HHRD commenced its program “Revival of Livelihood for affected people from flood 2010” for the relief of flood affected areas. HHRD’s team also visited Asif Iqbal’s village and offered Interest-free microfinance loans for the revival of flood affected people. Asif also applied for the loan and got Rs 20,000 through Qard-e-Hassan. With that amount he purchased farm animals (goats) which proved to be very beneficial for Asif. Due to interest-free loan and abstaining from interest based loans, Allah showered his blessings upon him. He has paid all amount of loan and currently has Rs 60,000 worth of farm animals (goats). Now he successfully earns his livings through animal breeding and also though farming.

Asif was very satisfied with HHRD’s program and reported that “due to flood we lost everything. HHRD granted me Qard-e-Hassan which was very beneficial, with Rs 10,000 out of total loan I purchased goats. Now I’m owner of goats worth Rs 60,000”. He was so satisfied with the program that he decided to get advantage from HHRD’s Interest free microfinance program ‘Murabaha’ for his farm.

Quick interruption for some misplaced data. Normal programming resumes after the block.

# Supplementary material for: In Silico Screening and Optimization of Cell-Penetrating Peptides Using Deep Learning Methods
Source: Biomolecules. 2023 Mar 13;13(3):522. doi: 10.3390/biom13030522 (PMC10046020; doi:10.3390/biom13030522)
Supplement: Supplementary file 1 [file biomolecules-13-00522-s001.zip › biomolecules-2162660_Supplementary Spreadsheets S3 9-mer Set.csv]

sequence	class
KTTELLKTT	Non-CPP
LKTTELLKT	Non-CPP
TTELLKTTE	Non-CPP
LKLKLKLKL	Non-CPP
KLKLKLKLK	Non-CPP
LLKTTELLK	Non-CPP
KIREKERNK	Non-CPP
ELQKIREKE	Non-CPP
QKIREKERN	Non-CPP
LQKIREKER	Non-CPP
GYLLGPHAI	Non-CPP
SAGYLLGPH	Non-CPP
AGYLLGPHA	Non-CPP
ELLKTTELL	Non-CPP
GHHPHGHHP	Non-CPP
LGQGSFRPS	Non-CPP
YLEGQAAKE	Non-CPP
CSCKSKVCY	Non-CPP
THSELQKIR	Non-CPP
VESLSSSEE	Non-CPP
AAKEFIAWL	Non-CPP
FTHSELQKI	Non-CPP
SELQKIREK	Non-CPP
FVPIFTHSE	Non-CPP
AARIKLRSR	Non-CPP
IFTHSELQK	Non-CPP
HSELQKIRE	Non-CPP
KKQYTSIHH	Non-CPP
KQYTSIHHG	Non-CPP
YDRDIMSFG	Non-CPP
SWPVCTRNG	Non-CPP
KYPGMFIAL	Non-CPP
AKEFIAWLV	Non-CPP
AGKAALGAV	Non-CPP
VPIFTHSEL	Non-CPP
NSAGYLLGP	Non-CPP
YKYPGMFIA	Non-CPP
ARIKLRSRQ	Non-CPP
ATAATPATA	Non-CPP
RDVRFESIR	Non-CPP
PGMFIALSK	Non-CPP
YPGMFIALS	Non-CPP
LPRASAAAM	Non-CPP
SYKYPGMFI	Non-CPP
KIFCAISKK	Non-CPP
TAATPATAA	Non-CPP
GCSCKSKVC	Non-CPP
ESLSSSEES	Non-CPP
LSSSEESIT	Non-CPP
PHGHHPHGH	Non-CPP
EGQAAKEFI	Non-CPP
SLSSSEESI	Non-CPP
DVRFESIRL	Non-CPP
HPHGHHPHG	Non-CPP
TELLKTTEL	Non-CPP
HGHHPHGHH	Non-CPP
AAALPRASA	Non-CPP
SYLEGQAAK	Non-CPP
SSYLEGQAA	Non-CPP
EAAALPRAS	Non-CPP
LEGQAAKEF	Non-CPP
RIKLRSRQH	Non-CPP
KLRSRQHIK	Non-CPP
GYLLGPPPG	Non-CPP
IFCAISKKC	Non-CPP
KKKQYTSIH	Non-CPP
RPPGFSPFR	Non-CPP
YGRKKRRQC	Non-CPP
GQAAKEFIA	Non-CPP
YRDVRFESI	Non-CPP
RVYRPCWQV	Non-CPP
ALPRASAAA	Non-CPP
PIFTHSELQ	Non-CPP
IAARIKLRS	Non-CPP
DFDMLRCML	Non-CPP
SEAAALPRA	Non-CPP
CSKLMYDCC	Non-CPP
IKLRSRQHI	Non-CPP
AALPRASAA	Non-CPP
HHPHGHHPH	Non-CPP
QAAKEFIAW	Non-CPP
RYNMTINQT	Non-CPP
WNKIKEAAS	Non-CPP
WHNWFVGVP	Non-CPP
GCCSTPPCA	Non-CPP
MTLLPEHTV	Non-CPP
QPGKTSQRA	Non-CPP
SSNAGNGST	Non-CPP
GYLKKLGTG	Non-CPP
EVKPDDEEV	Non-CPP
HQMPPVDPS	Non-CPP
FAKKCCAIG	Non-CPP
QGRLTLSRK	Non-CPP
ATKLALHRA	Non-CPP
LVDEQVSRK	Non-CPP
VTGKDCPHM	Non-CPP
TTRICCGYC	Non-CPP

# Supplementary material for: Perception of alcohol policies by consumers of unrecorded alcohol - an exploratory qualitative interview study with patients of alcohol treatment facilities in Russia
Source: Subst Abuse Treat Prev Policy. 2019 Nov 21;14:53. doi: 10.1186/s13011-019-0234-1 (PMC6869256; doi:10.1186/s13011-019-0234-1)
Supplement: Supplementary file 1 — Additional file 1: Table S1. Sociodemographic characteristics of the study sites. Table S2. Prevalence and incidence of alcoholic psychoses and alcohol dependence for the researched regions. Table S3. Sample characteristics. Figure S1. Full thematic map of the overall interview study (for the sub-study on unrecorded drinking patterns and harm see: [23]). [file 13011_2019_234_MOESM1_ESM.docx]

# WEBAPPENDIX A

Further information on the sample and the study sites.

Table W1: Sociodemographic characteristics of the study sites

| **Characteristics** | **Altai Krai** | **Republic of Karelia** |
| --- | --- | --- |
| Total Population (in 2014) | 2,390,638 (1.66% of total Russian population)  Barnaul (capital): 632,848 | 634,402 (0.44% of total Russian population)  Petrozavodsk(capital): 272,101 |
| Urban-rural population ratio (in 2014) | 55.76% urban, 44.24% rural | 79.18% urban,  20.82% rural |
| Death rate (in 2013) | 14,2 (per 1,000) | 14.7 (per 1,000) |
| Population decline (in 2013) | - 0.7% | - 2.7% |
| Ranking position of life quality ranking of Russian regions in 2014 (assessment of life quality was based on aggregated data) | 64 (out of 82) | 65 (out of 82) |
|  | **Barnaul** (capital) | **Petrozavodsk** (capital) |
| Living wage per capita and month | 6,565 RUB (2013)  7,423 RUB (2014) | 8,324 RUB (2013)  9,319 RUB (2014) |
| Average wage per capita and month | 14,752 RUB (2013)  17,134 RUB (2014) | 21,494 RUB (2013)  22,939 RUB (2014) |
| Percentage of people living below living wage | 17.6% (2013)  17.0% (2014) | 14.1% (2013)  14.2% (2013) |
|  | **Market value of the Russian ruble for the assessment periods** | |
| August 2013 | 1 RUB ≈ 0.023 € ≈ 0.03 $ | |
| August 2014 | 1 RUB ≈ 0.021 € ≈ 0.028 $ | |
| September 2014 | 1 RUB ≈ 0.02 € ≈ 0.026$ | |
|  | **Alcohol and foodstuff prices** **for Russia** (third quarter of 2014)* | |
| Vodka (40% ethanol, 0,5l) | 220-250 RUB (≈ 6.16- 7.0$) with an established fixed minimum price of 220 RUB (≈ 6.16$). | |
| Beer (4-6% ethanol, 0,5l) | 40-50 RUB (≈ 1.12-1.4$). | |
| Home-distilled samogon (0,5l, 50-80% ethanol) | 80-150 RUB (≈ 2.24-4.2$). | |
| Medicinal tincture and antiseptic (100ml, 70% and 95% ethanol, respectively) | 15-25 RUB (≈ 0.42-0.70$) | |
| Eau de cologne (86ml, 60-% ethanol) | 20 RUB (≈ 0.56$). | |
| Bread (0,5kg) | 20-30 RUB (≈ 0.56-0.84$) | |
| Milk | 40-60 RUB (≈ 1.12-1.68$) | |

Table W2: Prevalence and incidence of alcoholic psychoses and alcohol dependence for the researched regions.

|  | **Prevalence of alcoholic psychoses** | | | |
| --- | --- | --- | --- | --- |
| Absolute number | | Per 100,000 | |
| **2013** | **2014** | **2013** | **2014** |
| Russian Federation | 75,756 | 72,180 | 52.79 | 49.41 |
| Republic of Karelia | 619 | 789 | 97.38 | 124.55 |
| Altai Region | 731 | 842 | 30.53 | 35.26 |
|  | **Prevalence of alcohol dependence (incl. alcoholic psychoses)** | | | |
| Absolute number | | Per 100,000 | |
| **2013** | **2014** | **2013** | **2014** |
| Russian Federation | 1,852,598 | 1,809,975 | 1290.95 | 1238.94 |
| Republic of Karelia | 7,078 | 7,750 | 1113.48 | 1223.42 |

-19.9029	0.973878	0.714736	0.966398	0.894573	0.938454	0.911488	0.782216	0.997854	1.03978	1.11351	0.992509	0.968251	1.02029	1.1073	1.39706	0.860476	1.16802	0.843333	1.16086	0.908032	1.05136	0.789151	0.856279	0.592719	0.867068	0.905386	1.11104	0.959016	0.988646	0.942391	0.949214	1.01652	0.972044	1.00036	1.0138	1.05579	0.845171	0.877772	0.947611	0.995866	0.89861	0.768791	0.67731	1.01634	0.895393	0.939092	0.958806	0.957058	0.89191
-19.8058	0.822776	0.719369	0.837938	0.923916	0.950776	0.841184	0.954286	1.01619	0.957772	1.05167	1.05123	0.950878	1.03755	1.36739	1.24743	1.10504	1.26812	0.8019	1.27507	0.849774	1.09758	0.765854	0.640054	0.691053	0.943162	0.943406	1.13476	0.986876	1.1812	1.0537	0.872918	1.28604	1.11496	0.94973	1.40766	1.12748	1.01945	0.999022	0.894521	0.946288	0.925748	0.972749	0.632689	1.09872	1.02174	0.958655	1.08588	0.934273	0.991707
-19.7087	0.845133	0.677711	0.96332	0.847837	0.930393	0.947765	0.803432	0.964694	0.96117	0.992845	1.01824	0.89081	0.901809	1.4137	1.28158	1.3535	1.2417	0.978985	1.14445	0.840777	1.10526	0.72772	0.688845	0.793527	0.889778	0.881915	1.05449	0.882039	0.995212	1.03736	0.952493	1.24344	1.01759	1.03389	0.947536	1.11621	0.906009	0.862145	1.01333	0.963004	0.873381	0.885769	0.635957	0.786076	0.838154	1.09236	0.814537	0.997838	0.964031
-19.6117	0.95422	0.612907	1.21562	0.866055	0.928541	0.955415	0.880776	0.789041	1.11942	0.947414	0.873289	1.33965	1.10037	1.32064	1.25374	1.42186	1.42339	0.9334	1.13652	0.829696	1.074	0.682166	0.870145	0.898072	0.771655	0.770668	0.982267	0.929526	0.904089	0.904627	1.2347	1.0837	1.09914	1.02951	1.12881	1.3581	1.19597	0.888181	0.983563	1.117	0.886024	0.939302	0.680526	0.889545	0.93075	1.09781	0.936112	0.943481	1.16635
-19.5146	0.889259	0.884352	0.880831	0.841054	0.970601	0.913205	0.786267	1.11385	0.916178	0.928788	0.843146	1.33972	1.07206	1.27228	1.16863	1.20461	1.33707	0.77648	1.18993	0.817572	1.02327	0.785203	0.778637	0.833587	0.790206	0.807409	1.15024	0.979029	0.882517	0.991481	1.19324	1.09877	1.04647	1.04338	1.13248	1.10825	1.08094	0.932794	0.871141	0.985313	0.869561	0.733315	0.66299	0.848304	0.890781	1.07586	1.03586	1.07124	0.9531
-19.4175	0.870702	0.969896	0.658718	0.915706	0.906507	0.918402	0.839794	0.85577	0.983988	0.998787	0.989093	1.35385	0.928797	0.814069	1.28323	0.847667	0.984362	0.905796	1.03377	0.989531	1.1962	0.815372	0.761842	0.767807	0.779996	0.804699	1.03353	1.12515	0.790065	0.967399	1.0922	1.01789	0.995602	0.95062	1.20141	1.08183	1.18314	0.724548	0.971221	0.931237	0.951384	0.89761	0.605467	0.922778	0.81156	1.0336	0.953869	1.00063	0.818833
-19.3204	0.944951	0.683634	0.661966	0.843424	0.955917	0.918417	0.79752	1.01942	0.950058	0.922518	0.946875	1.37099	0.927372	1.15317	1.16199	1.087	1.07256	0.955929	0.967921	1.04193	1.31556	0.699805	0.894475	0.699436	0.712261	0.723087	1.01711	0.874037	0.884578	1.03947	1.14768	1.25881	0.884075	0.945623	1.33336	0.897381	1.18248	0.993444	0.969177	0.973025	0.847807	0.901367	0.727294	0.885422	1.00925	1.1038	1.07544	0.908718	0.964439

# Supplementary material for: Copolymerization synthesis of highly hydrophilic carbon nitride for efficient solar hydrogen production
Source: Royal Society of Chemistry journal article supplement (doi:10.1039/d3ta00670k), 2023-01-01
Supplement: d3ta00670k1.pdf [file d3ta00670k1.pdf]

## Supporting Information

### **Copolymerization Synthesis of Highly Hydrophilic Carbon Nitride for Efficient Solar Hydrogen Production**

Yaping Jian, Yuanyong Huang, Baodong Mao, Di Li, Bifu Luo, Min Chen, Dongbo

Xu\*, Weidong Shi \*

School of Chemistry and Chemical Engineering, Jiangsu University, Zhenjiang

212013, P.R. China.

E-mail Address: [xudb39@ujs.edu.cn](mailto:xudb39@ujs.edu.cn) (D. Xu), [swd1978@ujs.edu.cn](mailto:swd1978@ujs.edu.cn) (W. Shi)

With other fellow farmers, Asif used to purchase fertilizers from middleman on credit, who charged high prices on it. He used to charge 5000 Rs for one bag, which had market price of 4000 Rs per bag. And the delivery of fertilizer was very late, that resulted in very poor production of crop. Moreover, Asif and other farmers were bound to sell their crop production to the middleman. When the crop was harvested and sold to the middleman he used to purchase crop at cheaper rate than market. Asif informed that “the middleman was exploiting us. We were forced to purchase fertilizers from him at higher rates than market and to sell our crop to him. Which he purchase at lower rates than market. We didn’t have cash to purchase fertilizer so we had to go to the middleman for credit purchase, we had no other option”. The middleman used to purchase 500 Rs per bag less than market price which resulted in Rs 25,000 to Rs 30,000 loss per year to these farmers.